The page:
How to buy a rally car [Ultimate guide]
Buying a rally car is not that straightforward process as buying a normal daily car, as you need to know a bit more than just the regular things like mileage and number of previous owners.
So what are the main things to consider when buying a rally car and how to prepare yourself for the inspection?
Let’s get right into it…
At the end of the day, the whole decision is entirely based on one thing — money. And in case the budget is not an issue, we still recommend you adjust your selection based on your rallying experience (more on that in the next section). Don’t forget the one thing — it’s easy to buy a rally car, but it’s not that easy to maintain it. So when defining the available budget, don’t count just the sale price of the rally car, but also the expected costs for its maintenance and possible damage repairs. Of course, higher class rally cars have shorter servicing intervals, which need to be done by a professional, while repair in the likely event of a crash will also be quite higher. Explained simply, if you crash a Ferrari, the front bumper will cost you almost as much as full rebuilt of a crashed Peugeot 106.
Consider also the other expenses you’ll need to add, like spare parts (gearboxes, axles, engine parts, pumps..) and multiple sets of tyres you’ll need on the actual event, and if you are new in rallying also all the equipment for the service team (tools, trailer, gazebo, jacks) and other things you can learn from our previous article How to start rallying.
2. Choosing the right rally car
First of all, if you are a great mechanic, you can build a rally car from scratch. (Sidenote: every rally driver and co-driver must have mechanical knowledge to fix things on or between the stages when something goes wrong and service crew is not around). But this process requires a lot of knowledge, which you, as beginner in rallying, probably do not have and plenty of time and we know you just can’t wait to get out there and race, so we’ll leave that option for another time.
As we mentioned before, everything is related to the point 1 of this article — budget, but even if your budget is virtually unlimited, we would not recommend starting with higher class rally cars like R5 or WRC, no great rally drivers did and nor should you, because it won’t go well, trust us.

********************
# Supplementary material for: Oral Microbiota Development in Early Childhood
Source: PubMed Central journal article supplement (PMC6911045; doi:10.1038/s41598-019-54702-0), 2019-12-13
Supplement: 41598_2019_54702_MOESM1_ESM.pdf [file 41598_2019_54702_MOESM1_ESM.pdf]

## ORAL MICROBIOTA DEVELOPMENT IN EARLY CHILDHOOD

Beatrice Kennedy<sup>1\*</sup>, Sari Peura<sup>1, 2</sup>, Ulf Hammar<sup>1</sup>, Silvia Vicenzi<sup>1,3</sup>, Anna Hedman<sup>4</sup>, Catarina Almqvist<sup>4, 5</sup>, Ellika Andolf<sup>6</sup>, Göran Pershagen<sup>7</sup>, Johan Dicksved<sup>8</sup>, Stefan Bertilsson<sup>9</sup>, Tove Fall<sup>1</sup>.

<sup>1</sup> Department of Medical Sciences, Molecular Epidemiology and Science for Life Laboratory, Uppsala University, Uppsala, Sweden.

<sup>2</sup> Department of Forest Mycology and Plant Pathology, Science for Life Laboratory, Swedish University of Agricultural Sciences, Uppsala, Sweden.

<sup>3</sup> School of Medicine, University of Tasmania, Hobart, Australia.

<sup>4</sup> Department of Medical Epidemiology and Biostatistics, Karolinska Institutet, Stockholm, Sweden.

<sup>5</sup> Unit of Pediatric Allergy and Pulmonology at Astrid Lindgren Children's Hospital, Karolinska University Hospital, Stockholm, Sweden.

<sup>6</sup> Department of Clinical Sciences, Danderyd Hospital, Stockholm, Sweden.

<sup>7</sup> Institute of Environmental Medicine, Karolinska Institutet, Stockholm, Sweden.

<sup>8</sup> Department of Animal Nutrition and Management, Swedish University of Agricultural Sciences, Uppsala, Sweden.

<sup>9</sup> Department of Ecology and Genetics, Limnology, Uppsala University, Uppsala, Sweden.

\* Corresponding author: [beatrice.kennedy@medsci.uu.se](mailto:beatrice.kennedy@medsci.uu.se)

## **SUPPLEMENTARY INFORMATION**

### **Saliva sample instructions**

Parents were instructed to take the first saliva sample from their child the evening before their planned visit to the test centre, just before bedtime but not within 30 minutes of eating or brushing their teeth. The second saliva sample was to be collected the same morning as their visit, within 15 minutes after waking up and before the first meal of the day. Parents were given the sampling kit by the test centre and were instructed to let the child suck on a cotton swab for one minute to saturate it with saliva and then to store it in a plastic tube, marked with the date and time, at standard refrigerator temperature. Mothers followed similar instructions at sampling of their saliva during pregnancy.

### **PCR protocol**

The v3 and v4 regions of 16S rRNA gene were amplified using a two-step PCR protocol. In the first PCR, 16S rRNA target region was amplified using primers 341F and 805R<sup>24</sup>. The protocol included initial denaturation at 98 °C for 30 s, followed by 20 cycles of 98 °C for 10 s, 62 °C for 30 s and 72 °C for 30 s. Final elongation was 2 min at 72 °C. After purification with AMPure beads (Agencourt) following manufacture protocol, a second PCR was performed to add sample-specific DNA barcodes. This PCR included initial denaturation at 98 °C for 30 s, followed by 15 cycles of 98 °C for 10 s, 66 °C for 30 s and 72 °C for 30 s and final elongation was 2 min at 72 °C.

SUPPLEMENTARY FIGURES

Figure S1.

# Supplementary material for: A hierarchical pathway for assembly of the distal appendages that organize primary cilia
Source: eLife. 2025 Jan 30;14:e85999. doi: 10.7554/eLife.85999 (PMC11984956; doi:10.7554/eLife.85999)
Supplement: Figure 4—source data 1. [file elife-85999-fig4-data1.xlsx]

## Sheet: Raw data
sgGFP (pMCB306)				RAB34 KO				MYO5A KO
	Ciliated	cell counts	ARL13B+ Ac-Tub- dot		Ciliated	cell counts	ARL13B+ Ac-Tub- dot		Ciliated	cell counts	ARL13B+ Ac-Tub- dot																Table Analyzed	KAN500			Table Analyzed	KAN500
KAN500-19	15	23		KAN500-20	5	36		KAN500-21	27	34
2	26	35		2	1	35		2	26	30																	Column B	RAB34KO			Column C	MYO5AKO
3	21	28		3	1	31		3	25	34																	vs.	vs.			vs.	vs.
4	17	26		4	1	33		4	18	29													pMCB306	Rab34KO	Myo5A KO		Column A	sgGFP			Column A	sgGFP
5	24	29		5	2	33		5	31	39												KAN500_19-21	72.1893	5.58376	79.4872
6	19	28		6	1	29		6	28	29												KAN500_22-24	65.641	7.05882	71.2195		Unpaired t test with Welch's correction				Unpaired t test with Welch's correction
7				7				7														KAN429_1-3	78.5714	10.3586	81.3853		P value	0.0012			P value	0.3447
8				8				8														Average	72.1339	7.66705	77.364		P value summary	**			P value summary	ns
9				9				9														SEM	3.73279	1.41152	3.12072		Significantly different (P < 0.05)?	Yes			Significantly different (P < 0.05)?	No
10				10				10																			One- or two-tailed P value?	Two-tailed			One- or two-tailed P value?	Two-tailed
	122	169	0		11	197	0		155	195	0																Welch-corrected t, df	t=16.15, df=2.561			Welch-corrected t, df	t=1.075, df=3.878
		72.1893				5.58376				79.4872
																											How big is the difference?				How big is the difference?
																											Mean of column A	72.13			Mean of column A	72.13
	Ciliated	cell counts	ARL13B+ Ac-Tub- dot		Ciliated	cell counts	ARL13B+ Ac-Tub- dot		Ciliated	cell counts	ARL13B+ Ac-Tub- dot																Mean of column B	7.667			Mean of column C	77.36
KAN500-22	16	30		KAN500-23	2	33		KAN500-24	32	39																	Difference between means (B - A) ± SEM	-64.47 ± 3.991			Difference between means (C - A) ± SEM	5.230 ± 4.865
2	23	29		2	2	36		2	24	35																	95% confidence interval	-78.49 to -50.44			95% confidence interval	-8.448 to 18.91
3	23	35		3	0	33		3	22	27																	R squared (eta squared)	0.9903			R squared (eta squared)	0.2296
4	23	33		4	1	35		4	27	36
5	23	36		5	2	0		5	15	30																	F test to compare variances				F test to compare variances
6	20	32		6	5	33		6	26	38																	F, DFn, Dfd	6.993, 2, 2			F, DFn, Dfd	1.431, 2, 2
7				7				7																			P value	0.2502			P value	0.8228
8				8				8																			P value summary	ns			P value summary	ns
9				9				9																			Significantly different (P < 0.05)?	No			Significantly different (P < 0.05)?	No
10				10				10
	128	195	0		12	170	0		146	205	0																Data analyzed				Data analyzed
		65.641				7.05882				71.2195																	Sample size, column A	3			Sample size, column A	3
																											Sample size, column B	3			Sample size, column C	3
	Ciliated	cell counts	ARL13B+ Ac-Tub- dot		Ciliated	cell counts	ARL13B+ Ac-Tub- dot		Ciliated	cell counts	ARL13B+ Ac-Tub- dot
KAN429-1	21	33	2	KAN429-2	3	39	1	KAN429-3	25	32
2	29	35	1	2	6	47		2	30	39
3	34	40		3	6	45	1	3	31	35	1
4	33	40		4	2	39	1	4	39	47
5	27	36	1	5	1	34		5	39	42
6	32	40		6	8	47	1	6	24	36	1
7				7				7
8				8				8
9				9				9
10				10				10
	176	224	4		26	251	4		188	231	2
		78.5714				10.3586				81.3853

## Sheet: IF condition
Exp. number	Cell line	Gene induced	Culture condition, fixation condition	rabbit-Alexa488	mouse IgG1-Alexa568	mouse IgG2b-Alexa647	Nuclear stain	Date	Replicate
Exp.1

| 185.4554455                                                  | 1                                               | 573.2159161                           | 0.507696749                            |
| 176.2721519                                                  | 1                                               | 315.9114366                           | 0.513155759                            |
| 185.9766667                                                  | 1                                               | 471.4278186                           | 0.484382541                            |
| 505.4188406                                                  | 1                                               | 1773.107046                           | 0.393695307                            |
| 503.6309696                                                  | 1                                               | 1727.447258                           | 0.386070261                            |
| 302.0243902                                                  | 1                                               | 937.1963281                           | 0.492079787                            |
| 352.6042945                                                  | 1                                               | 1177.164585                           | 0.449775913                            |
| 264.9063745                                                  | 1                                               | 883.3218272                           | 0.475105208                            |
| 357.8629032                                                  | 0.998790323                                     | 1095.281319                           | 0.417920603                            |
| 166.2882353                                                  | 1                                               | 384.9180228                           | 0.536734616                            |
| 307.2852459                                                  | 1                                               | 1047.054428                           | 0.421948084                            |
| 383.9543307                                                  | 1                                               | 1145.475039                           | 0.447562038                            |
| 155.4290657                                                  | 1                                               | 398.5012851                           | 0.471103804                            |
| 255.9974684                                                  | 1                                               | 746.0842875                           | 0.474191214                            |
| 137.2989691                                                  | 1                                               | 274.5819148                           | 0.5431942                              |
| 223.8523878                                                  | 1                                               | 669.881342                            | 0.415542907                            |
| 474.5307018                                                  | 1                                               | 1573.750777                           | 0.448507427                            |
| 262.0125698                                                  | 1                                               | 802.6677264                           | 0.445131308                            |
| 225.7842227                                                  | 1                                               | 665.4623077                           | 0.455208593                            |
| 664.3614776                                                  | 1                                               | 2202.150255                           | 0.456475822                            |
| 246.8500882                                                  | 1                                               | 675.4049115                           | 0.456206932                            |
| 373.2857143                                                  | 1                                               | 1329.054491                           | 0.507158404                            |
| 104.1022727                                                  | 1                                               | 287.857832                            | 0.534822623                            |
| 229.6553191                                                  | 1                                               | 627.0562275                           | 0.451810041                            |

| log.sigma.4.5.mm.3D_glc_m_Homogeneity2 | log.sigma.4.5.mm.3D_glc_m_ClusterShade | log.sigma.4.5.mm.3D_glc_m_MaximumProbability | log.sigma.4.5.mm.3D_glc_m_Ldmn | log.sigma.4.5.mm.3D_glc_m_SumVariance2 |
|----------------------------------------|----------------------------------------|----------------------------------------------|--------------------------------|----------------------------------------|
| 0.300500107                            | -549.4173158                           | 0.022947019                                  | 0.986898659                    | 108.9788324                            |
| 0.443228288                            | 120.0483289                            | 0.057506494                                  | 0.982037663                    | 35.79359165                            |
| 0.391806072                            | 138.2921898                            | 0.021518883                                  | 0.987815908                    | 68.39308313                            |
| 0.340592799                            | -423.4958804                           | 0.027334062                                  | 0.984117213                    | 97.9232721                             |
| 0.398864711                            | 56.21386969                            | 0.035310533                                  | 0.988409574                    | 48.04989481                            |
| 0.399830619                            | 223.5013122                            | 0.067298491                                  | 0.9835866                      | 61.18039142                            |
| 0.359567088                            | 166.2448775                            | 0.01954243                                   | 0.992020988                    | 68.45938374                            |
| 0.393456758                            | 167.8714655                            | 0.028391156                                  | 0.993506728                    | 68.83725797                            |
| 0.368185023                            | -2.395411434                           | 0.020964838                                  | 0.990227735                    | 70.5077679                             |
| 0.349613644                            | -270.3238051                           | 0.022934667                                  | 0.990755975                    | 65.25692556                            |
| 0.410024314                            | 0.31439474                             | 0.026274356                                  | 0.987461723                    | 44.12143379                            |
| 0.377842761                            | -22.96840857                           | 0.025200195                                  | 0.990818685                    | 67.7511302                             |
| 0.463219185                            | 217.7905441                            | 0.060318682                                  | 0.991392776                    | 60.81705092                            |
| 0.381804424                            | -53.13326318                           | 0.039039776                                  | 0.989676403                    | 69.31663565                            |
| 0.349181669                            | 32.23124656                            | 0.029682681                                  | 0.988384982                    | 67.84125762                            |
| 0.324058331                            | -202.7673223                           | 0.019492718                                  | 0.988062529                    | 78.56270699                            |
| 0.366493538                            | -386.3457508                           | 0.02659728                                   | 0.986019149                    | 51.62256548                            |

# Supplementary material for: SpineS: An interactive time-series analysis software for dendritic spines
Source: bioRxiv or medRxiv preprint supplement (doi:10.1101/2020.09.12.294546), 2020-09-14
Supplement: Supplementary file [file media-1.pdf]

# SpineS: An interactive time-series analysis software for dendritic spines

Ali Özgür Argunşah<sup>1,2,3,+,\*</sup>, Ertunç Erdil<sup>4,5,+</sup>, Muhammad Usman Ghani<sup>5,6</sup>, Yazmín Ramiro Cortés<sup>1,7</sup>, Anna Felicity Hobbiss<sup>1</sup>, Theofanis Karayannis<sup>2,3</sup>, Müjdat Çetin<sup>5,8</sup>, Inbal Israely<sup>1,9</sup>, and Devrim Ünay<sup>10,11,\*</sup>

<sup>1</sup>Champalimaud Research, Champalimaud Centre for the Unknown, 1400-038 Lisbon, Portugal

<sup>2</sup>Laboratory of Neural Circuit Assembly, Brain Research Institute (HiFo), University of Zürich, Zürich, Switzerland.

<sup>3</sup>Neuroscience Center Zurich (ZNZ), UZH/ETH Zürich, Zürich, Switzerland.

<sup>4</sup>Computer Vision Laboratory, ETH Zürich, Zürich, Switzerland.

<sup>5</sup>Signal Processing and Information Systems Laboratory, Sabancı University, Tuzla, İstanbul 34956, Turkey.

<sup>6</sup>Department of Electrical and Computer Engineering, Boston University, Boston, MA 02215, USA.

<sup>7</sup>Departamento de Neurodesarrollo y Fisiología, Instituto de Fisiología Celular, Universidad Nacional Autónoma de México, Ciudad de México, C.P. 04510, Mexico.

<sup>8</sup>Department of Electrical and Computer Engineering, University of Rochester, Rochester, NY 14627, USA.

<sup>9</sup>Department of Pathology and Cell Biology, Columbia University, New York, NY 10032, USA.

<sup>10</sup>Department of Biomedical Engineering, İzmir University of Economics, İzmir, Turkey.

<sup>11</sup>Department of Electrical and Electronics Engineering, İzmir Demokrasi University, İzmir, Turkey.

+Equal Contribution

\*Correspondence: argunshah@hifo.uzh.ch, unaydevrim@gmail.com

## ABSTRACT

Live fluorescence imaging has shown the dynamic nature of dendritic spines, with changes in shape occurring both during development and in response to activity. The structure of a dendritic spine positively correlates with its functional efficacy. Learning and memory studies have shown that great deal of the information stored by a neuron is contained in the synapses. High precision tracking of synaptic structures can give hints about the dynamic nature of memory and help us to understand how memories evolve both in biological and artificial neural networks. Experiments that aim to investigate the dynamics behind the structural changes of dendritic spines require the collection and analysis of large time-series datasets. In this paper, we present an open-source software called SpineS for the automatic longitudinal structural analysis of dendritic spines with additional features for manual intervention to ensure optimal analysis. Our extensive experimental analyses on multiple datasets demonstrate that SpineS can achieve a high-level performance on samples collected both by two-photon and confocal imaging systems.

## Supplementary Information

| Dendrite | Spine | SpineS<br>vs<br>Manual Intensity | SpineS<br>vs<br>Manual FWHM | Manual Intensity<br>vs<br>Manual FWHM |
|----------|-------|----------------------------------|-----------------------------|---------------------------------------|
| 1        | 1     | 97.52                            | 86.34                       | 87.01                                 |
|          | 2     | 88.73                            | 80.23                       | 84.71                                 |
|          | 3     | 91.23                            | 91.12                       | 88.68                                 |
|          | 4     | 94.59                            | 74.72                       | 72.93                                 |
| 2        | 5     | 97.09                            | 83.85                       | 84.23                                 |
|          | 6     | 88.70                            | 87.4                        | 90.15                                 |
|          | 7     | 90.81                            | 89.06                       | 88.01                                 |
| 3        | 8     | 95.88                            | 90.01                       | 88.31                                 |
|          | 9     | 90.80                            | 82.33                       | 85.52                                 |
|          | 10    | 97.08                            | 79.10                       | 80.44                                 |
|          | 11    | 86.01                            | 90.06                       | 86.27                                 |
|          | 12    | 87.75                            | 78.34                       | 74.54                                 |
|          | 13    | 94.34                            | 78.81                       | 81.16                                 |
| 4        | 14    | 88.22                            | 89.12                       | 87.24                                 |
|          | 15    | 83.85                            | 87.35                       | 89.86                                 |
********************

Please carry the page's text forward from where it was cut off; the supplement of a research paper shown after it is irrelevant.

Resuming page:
Start low, master the car, push it to the limit (and don’t crash it) and then progress to higher classes. The 9-time World Rally Champion Sebastien Loeb started with a Citroen Saxo, while Sebastien Ogier began his path to now 6 WRC titles with a Peugeot 206.
First thing to consider is the drivetrain, 2-wheel drive or 4-wheel drive? The right choice for a beginner is 2WD due to slower acceleration and cornering speed, which makes it easier to get the feeling of the car and hadling, while it also makes the running costs lower compared to a 4WD car.
So a good rally cars for beginners are: Citroen Saxo, Peugeot 206,306,106, Opel Corsa, Renault Clio, Ford Fiesta, Fiat Panda, Honda Civic, Suzuki Swift and similar.
Most of the listed are fairly small cars, which may cause a bit of wobbling on the hairpins or quick successive turns, but they are fair easier to maneuver on narrow roads.
3. Inspecting a car
Once you find the right rally car (you can find a few tips on where to find it in section 4) and agree to see it in person, there are quite a few things to check to avoid buying a car with hidden mistakes, that will bring additional unexpected expenses later on.
In most countries, rally cars are required to be registered as a road legal vehicle, therefore it must have the appropriate documentation in addition to competition / log book which includes competition history of the car as well.
Remember to compare the chassis (VIN) number when inspecting the chassis later on with the one in the documents, as rally cars are often re-shelled after crashes and if the new bodyshell VIN number is not logged in the documents, you may have problems with registration and scrutineering. Inspect the other documentation as well, including homologation papers to assure that everything is valid and approved.
At this stage, you’ll focus more on the actual chassis rather than the body parts. Raise a car on the lift and fully inspect whole chassis for dents, rust, warped or bent areas to see it the car was severely damaged in a crash before.
Structural strength is crucial to assure smooth running and proper safety. Don’t forget about the strut bars and suspension mounts, these are most common damages due to damper impact on jump landing. If the chassis is in great condition, you can proceed to the next important part of structural strength and security — rollcage.
3.3. Roll cage
Roll cage is the most important part of a rally car as it provides safety for the crew inside and is intended to save their lives in case of an accident.
First of all, define the type of the roll cage, it may be bolt-in or weld-in, the difference is easy to spot , while the functional difference is in better rigidity of the weld-in roll cage. Make sure the roll cage was properly installed and under valid FIA regulations. Since a roll cage is usually painted to match the color of the interior and be protected from external influences, you can first check for any cracks on the paint all over roll cage. If you find any, this could mean that the cage was already bent in an accident and the roll cage may not provide maximal strength and safety in case of another accident as its structural strength was damaged before.